Thursday, March 3, 2011

What American Idol can teach us about How our Emotions Pace Music

So it’s that time of year again.  And whether you have been anxiously awaiting your opportunity to cast your lots for your favorite American Idol contestant or not, there is always something that can be learned from the smash hit show.  Hopefully we can illustrate not only how we can use music to control our state of mind, but also what our singing faves should be doing in order to remain in the competition for the top American Idol.

As I sat watching the first episode of American Idol, I was left to wonder...why on Earth would anyone choose to sing a slow ballad.  Granted, we do not ever want to see a faster song done poorly.  But come on!  If your song selection doesn’t move us in a positive direction, then your phone lines are going to be quieter than my daughter sneeking a few games on my iPhone.  And I can guarantee she is not voting your behalf.  Here’s the danger of picking a slow ballad:  If you end up following someone who just did a decent job with a fast song, you’re hosed!  A fast song lifts the emotional and mental state of the audience.  A slow song by contrast will bring the audience back down.  You never want to bring down an audience that is supposed to be “inspired” in order to vote for you.  At best, you can hope to follow another ballad who either a)followed a fast song or b)was really pitchy Dawg ( btw, I love the “Randy-as-Simon” thing they are trying).  

A far better strategy is to pick a song that is a faster pace and moves the audience.  If you follow a slow song, your song will seem uplifting relative to the slower tempo of the previous ballad.  And if you follow a fast song, at least your lips were not preoccupied with the “kiss of death” so that they could perform the song to the best of your ability.  Now of course, nobody likes a manic performance American Idol, so contestants shouldn’t pick something too fast pace.  And it IS a singing competition, so yes you still better be able to sing.  But does tempo really affect the listener and if so, how can we use this to take control of our state of mind?
Lets look briefly at a couple examples that illustrate this.

To start off the show, Clint Jun Gamboa performed a version of “Superstition” by Stevie Wonder.  As fans of the show, we like to see it kick off hoppin’, and that song certainly bounces.  His choice of song however would have allowed him to perform at any point of the night, and come across to the fans in a positive uplifting manner.  The next performer, Jovany Barreto performed the ballad, “I’ll Be” which has to be a “kiss of death” regardless of how well you can sing it.  It serves as a perfect example to my previous point that whenever a slow ballad follows a hopping song, it inevitably results in a let-down for the audience which is sure to garner only a few votes from his closest family and friends.  So Jun got the audience going, and Jovany lets them down.  But the next performer Jordan Dorsey chose a slightly faster rendition of an Usher song,  “OMG.”  Interestingly enough, though his performance was infinitely inferior to Jovany’s version of “I’ll Be” it comes across with less negative impact because the audience was already brought down by Jovany.  If Jordan survives, he will owe Jovany the best dinner he has ever eaten- and based on Jovany’s build, the boy can eat!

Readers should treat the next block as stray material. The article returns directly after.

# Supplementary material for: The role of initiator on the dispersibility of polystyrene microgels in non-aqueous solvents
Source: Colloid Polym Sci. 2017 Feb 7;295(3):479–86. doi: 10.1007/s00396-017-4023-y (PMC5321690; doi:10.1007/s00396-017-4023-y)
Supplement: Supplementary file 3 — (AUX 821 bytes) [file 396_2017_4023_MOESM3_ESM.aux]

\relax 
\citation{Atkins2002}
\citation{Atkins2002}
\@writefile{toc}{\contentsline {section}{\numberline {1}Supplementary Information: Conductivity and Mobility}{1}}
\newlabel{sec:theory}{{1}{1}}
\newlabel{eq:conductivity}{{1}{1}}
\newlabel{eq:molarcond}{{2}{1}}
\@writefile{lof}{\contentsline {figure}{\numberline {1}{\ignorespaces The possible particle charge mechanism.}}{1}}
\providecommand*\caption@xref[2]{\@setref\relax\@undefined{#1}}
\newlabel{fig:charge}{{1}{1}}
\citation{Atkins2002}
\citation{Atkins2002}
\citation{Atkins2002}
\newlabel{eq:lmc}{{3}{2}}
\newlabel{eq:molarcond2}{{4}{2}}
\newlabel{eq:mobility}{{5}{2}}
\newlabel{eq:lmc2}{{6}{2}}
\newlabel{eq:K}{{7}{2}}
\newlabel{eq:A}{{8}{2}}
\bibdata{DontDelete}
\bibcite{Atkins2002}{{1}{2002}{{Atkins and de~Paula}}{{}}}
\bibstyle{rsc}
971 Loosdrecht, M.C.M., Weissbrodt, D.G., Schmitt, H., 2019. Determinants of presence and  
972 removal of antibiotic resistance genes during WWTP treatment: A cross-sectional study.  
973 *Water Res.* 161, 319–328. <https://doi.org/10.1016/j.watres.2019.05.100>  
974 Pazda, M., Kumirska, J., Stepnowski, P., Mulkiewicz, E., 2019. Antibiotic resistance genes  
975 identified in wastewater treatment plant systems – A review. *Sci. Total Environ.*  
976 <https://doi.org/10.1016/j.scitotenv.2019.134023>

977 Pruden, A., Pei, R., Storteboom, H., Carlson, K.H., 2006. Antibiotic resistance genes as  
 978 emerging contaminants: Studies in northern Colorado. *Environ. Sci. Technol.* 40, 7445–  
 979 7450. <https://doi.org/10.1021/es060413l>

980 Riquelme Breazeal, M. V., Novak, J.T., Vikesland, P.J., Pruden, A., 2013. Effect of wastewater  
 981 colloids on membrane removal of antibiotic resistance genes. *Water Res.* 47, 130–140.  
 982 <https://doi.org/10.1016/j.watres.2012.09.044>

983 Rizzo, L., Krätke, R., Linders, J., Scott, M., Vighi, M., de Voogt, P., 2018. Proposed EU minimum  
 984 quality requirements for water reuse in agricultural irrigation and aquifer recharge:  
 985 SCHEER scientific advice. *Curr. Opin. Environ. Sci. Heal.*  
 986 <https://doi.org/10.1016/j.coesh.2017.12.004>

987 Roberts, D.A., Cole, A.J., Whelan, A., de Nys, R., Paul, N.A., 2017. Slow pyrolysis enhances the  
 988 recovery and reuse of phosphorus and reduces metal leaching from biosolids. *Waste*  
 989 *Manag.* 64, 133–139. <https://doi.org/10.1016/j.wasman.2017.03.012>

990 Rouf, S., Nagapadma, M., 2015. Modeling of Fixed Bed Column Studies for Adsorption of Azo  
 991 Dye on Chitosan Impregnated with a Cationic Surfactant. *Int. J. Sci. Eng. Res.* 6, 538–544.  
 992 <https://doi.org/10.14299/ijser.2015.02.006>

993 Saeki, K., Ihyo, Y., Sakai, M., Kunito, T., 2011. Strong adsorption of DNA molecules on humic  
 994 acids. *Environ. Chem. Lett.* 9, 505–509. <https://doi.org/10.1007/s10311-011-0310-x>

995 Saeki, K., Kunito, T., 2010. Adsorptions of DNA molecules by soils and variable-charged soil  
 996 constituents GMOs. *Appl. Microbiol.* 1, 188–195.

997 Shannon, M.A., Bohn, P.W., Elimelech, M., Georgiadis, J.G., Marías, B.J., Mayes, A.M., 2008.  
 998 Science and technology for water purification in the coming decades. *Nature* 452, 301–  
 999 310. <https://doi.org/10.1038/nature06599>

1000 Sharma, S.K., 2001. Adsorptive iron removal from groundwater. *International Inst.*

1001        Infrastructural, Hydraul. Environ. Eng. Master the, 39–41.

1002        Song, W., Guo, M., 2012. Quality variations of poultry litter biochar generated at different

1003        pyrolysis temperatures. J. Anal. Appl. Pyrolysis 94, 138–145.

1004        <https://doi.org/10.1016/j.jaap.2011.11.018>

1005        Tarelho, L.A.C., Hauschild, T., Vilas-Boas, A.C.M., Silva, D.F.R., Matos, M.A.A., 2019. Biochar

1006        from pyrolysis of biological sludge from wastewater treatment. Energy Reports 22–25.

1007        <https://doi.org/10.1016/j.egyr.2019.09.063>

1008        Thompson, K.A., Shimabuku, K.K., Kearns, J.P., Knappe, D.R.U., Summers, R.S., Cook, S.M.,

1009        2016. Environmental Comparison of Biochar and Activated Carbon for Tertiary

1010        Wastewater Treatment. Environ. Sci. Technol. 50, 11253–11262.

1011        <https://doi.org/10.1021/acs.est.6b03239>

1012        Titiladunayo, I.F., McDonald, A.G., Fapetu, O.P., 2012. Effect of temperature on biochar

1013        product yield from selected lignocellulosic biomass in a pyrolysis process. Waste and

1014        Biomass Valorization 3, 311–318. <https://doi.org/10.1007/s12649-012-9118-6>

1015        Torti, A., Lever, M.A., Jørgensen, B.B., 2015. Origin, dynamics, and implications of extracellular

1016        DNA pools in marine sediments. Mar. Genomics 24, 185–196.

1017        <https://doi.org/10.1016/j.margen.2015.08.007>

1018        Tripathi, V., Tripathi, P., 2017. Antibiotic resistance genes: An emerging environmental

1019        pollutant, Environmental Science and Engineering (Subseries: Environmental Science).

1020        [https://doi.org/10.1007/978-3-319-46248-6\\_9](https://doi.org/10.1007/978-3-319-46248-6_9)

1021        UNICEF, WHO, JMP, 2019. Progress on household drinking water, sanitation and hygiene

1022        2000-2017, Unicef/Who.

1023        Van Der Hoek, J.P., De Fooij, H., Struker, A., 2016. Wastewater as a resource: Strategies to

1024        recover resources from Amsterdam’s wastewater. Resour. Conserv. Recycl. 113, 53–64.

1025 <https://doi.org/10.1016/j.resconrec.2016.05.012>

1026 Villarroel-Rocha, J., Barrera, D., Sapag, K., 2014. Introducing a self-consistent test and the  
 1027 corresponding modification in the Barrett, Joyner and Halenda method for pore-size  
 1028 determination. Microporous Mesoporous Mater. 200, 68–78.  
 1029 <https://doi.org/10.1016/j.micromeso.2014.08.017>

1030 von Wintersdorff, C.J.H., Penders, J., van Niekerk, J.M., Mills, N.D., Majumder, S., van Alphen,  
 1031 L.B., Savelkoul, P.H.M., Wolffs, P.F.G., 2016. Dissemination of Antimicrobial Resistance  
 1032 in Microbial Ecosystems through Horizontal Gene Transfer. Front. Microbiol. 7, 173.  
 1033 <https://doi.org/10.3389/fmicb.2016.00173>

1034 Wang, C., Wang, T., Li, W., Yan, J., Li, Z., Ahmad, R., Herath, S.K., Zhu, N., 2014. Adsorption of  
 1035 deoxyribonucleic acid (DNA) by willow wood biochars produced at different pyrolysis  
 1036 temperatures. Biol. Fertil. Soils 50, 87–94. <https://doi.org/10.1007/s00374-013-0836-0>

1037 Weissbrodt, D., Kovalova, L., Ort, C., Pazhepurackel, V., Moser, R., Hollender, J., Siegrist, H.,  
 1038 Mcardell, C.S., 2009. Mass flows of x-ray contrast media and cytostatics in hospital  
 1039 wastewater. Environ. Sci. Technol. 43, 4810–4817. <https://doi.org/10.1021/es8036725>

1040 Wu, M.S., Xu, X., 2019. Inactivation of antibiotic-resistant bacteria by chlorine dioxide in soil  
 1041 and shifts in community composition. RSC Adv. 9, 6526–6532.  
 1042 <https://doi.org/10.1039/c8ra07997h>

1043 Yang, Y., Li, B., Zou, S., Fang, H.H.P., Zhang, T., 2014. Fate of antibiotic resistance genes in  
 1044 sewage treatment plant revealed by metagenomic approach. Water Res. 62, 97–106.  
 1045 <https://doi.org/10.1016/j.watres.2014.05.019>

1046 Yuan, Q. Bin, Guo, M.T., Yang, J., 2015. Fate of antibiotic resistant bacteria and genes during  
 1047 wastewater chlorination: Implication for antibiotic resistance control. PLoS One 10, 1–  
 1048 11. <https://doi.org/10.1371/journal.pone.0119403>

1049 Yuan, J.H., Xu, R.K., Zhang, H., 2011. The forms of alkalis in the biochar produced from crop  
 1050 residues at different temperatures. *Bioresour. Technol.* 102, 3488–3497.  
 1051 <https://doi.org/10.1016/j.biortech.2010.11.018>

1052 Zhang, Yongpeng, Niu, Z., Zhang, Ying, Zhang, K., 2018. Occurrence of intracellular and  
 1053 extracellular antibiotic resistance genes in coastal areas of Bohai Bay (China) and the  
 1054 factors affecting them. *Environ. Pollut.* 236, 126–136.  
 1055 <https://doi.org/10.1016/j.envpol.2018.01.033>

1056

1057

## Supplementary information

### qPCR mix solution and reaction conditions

Now let’s look at what happens when you pick a fast song.  Half way through the show Scotty McCreery performed a Tim McGraw classic that you’ll have to forgive me for not knowing enough about Country Music to know the title of.  Again another example of a singer safe doing a ballad because he followed another let-down ballad.  He is followed by a mediocre (though the judges appreciated it) version of Bruno Mars “Just the Way You Are” sung by Stefano Langone.  I was unimpressed; however I have to admit I was uplifted and felt more awake and refreshed because his song choice had a quicker pacing.  

And for heaven’s sake, pick a song that represents the kind of artist you want to be - unless you’re hoping to be a ballad singer.

We could whip out any number of studies that have been done that illustrate that the tempo of music affects our state of mind.  But this would be pointless, because each of us already has some personal experience with this.  We have all heard the pounding rhythm of a techno beat and felt our heart and brain pick up its pace.  Whether you were experiencing an irritated lift or a joyous one akin to a Night at the Roxbury, you probably felt your hearbeat quicken, your blood pressure rise, and your mental acuity increase.  Perhaps you have had the luxury of a massage in a spa - certainly they were playing a slow paced New Age piece that quickly caused your mind, body and emotions to relax.  And I assure you that you will never hear a Barry Manilow classic if you are at a football or hockey game.  Instead you will be blasted with the loudest version of some rock, pop, or techno song designed to get you geeked out of your mind.  So how can we use this information to improve our lives?

Well, it’s all about taking control.  Say you are trying to wake up and get going in the morning.  Well, while it might be soothing to awaken to soft, melodic songs, you will probably want to shift gears once you crawl out of bed and put on something that is a faster pace.  The genre of music is not too important, but the tempo is critical.  Ideally you would want to build up to something that makes you want to dance...or cheer on your favorite team (though this will probably annoy the heck out of your spouce).  On the otherhand, if you find yourself needing to relax and unwind, then you should pick a slower paced song.  Perhaps a slow ballad, some slower baroque pieces, or yes even spa music works.